CATS IN IKEA. CATS FROLICKING IN IKEA. HI
Pantone is a company that provides color systems used widely in paint, fabric, and plastics production. Pantone’s annual Color of The Year announcement is eagerly awaited by the creatives all over the world, and this week, Pantone finally revealed their choice for the next year: a bright purple named “Radiant Orchid.”
So how does that affect anyone outside of the creative industry? Well, in past years, Pantone’s decisions have influenced and inspired the producers of fashion (both haute couture designers and popular clothing companies), jewelry, home decor, and beauty products (as in Pantone’s official collaboration with Sephora). So look forward to seeing more Radiant Orchid all around you in 2014!
Ja’mie: Private School Girl ended last week, and while I still don’t know how I felt about the finale, I loved Molly Lambert’s Grantland piece on how enjoyable it is to watch Chris Lilley—until he employs blackface, brownface, or yellowface in one of his portrayals, and then you’re just like, “UGH.” Beyond offending and alienating members of his audience, it’s also just a boring crutch for his otherwise insightful performances.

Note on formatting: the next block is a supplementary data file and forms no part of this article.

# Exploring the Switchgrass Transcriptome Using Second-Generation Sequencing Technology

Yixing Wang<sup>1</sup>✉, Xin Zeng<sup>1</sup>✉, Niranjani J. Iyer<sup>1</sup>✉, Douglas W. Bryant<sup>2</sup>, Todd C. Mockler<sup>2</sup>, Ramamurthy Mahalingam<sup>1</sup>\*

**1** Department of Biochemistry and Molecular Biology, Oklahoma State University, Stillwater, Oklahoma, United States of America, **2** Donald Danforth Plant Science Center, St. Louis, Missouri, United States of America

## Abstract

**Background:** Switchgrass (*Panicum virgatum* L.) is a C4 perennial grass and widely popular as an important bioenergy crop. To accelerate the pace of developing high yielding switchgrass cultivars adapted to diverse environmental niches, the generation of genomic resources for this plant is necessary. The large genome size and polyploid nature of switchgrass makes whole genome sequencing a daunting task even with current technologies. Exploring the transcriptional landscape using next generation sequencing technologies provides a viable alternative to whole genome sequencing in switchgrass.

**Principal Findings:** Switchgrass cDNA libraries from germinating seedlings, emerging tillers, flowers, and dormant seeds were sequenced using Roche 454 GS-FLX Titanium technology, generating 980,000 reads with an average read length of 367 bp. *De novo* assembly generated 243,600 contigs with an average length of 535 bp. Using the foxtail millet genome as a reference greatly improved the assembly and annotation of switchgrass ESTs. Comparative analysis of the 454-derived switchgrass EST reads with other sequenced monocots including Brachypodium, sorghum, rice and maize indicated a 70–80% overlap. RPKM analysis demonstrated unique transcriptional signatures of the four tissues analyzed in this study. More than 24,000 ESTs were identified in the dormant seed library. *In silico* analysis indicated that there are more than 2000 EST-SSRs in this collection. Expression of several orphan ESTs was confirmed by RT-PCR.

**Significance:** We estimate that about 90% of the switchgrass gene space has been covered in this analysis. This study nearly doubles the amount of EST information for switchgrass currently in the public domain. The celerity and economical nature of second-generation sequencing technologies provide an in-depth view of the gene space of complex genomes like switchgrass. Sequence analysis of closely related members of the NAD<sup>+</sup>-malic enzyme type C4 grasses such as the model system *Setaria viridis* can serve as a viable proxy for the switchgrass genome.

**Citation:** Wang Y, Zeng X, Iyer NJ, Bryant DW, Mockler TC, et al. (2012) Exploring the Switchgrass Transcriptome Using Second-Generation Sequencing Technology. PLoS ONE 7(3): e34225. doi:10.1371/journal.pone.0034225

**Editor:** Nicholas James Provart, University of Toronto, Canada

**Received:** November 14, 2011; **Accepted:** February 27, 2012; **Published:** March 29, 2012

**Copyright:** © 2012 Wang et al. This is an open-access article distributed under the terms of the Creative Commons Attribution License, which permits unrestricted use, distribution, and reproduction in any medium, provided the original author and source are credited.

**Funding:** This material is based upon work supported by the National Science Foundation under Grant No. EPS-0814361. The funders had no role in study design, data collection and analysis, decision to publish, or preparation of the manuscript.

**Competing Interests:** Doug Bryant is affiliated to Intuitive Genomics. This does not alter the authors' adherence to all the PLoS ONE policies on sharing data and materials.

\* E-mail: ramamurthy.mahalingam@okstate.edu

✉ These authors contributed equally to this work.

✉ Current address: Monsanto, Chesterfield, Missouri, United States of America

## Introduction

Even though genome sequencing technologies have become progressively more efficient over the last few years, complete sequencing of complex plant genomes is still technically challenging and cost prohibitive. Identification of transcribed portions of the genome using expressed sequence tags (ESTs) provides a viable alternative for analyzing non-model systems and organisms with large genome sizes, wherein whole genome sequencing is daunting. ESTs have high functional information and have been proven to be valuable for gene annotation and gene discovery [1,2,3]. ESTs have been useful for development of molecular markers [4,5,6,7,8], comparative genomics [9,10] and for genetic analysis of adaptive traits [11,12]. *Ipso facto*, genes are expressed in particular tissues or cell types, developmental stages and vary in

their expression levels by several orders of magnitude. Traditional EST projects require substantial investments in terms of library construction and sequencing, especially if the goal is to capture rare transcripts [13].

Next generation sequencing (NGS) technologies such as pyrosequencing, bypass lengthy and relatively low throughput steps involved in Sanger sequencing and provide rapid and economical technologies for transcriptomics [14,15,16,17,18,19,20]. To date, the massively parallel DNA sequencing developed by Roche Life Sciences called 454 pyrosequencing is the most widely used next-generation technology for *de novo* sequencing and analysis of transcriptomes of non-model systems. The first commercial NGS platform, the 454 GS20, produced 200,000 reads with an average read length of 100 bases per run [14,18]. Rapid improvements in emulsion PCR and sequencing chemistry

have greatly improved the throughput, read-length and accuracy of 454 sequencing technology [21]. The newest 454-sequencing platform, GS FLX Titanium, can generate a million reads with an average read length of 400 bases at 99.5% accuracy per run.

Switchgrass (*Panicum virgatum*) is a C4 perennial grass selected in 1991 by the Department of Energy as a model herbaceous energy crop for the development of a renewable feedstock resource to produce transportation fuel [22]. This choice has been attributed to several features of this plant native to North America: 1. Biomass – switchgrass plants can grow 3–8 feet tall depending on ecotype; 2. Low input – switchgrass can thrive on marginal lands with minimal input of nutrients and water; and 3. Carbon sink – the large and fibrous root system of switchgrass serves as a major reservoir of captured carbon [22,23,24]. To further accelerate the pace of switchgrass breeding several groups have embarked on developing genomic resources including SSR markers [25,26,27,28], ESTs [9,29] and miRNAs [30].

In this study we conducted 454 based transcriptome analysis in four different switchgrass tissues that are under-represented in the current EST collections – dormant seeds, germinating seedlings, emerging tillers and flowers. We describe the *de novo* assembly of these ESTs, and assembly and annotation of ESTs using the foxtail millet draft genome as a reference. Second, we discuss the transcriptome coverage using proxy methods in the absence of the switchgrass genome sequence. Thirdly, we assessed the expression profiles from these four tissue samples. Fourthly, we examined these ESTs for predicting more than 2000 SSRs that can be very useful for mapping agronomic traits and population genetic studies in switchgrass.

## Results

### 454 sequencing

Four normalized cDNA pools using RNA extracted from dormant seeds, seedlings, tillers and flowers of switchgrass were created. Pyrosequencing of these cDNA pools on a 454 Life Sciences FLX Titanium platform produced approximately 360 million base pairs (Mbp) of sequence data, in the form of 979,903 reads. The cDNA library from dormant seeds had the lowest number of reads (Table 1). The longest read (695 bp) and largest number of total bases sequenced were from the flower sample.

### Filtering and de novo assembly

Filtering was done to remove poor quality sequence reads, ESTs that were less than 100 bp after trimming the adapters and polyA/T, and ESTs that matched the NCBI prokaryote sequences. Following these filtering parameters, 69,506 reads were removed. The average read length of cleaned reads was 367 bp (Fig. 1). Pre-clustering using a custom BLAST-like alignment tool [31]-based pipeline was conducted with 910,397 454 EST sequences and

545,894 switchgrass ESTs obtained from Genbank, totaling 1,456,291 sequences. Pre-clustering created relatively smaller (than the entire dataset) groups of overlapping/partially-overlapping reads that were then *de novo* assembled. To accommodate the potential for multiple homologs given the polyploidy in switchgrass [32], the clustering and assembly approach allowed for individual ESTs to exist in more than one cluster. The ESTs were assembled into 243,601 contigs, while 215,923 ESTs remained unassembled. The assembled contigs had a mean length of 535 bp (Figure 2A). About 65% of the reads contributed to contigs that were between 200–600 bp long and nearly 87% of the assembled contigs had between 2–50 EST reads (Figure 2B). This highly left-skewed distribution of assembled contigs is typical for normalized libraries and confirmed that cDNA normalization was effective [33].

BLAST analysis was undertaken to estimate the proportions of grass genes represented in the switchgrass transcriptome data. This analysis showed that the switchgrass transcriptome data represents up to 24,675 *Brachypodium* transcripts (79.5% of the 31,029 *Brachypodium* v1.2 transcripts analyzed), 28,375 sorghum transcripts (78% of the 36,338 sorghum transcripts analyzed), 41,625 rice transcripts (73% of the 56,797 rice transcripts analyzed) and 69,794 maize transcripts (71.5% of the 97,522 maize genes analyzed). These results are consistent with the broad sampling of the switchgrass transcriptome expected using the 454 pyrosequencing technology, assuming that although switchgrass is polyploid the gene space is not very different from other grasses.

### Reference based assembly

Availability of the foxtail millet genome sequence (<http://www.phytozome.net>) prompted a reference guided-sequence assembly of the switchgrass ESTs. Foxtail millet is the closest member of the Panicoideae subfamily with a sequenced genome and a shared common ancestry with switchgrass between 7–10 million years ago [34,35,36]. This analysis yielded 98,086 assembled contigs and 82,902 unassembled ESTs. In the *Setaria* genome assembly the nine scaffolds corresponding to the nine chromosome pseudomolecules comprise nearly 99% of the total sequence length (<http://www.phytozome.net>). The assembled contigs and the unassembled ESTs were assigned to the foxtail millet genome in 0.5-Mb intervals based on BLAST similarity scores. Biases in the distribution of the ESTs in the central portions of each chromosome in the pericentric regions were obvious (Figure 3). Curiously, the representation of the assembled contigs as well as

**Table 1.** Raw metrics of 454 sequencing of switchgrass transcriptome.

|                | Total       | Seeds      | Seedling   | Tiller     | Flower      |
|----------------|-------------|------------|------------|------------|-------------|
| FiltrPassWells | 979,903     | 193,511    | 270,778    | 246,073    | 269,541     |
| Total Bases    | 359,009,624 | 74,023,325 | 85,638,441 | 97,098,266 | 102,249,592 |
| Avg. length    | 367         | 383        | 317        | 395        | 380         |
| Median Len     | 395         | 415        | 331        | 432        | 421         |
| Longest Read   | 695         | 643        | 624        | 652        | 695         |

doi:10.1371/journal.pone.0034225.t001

I found myself nodding maniacally in agreement when I watched this video of Emily Graslie, the writer/host/producer of The Brain Scoop, ranting about the stupid, gross messages and comments that she and all women in STEM (science, technology, engineering, and math) fields have to endure from sexist d-bags on the internet and in life. I love her explanation of how over time, such comments can lead a woman to give up, and eventually bring us to where we are now, with abysmally low percentages of women employed in STEM jobs.